Lynda Clouette-Mackay, co-founder of the Hudson Music Festival, was similarly impressed with the newly announced funds. She said the $15,700 her organization will receive will help it promote and expand the festival.
“I think it’s a positive move,” Clouette-Mackay said. “We’re really impressed that they listened to us.”
International and Canadian organizations calling for global asbestos ban
By: Pierre Saint-Arnaud, The Canadian Press
MONTREAL – More than 150 international and Canadian public health organizations and individual scientists are demanding a worldwide ban on the mining, export and use of asbestos.
The demand on Tuesday comes after last month’s announcement by the Quebec government it would lend $58 million to help reopen the Jeffrey Mine in the town of Asbestos.
“The science is clear that all forms of asbestos cause ill health and premature death,” said Colin Soskolne, a professor in the School of Public Health at the University of Alberta and one of those demanding the ban.
“According to the World Health Organization, over 107,000 people die each year from working with asbestos of any type,” added Soskolne, a former president of the Canadian Society of Epidemiology and Biostatistics.
But Serge Boislard, president of the Mouvement pro chrysotile, said that’s not the whole picture.
“Everyone knows that chrysotile, like all other forms of asbestos, is carcinogenic,” he said. “What is not addressed is the levels of danger. These are half-truths.”
Industry proponents have insisted asbestos can be used safely if it is handled properly.
The industry in Quebec appeared on the verge of collapse but the government loan and private investment could keep production and exports going for another 20 years.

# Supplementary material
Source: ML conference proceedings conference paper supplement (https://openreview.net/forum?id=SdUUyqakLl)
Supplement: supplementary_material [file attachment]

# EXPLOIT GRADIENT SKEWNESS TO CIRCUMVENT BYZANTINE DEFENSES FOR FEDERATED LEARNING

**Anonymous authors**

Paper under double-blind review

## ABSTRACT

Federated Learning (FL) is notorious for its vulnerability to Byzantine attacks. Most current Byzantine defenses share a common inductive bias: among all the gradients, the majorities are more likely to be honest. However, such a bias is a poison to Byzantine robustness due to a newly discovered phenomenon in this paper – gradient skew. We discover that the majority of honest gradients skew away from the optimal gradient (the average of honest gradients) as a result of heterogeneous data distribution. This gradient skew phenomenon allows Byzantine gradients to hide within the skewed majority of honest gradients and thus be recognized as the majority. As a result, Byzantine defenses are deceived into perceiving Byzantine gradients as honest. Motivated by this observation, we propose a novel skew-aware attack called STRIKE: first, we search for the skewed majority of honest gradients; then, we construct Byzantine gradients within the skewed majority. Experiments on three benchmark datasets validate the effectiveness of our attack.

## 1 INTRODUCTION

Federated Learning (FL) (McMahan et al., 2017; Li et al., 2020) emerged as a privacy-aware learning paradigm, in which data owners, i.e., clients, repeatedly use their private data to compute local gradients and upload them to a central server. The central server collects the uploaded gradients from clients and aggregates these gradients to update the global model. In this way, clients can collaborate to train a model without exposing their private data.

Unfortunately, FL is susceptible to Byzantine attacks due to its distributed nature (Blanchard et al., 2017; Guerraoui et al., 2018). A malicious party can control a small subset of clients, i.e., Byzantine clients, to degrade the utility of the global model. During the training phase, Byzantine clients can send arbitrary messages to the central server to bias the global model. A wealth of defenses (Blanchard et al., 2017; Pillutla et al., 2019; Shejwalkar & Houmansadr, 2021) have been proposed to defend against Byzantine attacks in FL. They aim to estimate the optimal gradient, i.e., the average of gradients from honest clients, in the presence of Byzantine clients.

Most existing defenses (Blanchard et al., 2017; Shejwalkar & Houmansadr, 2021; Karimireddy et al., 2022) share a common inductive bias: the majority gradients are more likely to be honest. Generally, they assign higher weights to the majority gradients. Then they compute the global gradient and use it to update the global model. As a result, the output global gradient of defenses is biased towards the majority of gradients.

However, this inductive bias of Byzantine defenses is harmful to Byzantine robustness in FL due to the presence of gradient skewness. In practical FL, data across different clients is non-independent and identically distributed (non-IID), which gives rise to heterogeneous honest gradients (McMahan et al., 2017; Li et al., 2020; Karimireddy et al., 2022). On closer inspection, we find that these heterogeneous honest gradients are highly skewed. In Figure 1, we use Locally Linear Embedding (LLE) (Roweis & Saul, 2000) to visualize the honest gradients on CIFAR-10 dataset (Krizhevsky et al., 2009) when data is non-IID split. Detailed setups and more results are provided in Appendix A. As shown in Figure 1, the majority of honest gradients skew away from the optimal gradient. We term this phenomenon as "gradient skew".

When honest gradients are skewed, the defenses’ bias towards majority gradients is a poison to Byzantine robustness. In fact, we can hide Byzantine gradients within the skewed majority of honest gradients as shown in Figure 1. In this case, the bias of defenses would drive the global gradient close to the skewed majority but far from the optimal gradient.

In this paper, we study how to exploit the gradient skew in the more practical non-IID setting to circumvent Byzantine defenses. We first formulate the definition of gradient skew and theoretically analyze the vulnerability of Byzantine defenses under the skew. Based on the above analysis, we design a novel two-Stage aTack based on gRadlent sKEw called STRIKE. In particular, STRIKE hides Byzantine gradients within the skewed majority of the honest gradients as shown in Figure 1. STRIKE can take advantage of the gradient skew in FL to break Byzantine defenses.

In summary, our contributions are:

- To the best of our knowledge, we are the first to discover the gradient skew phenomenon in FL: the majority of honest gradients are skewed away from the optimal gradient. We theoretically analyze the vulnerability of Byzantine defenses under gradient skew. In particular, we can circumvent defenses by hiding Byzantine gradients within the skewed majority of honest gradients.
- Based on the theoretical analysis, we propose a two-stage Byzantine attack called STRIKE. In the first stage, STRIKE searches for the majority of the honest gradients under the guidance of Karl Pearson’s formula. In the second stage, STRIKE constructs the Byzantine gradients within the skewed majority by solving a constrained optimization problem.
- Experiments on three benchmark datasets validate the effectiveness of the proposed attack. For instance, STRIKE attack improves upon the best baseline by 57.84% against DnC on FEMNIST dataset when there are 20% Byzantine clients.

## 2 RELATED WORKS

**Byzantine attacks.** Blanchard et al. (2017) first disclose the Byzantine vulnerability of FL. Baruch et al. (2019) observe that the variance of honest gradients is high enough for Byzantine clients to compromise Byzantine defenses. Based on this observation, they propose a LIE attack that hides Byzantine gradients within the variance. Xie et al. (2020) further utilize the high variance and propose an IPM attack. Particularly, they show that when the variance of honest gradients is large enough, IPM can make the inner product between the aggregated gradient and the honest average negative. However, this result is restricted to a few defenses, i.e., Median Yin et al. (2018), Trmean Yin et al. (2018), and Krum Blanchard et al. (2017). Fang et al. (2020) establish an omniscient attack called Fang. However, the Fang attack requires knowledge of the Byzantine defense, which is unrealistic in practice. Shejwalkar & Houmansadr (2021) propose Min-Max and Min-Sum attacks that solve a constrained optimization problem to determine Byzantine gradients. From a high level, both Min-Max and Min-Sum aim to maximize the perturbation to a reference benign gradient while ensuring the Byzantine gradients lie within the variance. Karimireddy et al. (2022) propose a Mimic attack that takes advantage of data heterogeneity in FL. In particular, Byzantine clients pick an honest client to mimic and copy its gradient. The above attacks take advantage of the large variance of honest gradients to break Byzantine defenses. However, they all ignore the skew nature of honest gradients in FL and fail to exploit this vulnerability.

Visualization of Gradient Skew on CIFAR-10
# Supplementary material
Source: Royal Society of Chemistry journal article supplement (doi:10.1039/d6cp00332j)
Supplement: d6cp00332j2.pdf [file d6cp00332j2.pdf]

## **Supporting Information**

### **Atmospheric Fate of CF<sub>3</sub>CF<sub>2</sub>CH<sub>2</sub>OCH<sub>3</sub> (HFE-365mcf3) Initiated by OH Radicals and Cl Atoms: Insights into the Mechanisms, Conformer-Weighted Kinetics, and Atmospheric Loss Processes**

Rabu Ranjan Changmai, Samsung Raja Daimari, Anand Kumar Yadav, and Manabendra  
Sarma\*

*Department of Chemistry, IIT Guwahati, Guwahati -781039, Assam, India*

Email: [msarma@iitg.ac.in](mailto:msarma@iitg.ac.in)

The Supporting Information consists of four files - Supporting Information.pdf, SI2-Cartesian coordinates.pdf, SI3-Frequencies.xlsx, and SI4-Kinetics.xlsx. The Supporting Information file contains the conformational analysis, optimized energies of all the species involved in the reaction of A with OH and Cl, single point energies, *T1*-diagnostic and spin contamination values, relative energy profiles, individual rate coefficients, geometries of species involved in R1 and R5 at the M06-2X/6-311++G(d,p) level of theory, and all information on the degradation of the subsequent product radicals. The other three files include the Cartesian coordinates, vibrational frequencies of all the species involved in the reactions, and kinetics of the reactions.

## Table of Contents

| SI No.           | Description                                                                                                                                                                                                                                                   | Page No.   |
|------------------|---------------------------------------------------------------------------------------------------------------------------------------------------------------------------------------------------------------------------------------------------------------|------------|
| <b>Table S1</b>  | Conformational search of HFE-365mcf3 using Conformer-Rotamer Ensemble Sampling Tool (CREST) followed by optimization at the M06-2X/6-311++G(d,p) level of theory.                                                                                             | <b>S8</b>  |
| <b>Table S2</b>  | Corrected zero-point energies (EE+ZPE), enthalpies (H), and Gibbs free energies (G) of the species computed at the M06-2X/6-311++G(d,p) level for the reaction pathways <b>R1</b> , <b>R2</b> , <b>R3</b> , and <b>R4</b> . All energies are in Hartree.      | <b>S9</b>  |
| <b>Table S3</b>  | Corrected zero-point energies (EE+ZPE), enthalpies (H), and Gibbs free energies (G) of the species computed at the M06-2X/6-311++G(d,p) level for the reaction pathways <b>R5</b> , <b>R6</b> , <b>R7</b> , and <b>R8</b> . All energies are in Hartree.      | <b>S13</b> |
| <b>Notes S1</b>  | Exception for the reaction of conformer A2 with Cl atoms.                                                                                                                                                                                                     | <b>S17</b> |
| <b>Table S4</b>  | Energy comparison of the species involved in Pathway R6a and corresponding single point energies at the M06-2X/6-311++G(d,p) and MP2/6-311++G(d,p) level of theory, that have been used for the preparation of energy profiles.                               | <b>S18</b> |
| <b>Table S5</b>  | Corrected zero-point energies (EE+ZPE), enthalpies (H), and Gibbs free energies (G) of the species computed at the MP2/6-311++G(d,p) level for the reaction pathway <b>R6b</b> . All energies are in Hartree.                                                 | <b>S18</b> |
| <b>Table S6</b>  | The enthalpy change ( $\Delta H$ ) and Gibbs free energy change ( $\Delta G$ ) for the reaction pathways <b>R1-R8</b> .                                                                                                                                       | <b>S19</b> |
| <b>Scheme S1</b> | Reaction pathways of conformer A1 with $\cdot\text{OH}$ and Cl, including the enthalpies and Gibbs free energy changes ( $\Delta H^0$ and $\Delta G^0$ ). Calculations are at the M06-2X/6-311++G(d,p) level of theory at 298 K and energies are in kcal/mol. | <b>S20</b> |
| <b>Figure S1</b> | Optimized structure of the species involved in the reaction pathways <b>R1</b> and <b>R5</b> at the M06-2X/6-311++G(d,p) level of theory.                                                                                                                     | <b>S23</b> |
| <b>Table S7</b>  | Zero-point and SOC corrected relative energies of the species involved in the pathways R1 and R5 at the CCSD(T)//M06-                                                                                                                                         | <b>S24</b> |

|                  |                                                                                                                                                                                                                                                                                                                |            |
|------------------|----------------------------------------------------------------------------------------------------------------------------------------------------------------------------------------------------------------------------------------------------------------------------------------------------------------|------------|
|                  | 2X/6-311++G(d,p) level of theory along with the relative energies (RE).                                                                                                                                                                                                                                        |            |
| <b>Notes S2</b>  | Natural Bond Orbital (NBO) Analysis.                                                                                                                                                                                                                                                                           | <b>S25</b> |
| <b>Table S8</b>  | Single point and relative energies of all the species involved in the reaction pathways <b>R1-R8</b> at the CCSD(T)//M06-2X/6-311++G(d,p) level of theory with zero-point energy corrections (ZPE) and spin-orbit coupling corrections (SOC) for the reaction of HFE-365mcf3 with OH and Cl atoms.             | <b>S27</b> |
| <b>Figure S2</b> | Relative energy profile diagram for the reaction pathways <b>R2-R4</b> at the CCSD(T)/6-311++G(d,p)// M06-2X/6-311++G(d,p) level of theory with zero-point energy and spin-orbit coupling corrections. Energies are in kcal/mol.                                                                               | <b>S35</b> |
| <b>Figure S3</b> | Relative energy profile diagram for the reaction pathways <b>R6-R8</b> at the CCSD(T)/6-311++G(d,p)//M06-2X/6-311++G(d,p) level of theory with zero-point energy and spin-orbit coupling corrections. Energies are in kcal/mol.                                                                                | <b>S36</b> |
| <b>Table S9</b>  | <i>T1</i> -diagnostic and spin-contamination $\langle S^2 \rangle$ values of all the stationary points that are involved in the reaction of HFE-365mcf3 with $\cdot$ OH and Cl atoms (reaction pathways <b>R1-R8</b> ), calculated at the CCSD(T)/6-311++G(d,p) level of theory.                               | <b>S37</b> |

“This immoral practice of exporting it, particularly to developing countries when we refuse to use it at home, is immoral and unacceptable to people in the field of public health,” Soskolne said in a telephone interview.
“The decision of the Quebec government to provide a $58-million loan guarantee to revive the mine is a shameful display of disregard for science.”
Asbestos opponents are urging major producers — Brazil, Canada, Kazakhstan and Russia — to put an end to mining and exports and help communities make the transition to a different industry.
The groups calling for the ban come from 20 different countries. They said in a joint statement that countries should tell citizens about the health hazards of dealing with asbestos. Activists argue that asbestos is linked to cancer.
The last two remaining asbestos facilities in Canada — including Jeffrey Mine — are in Quebec. The other mine is also shuttered but proponents hope it will be reopened.
Federal Industry Minister Christian Paradis, in Montreal to announce a series of cultural grants, defended the Canadian approach to asbestos.
“Our government has always advocated the safe approach toward chrysotile fibre, not only in its mining but also its use,” he said. “This is a policy that was fashioned during the last 30 years. There are ways to use it safely. However, I understand the numerous challenges facing the industry at this time.”
Paradis acknowledged one of the challenges is ensuring asbestos is safely used in developing countries. He said clients who sign contracts with the Jeffrey Mine contain clauses on safe use.
“There has to be control,” he said. “I can’t say what will happen in the future but the safe-use policy does exist. It can be done correctly, not only at the level of extraction but also at the level of handling and use. We do it here in Canada and it must be done elsewhere in the world.”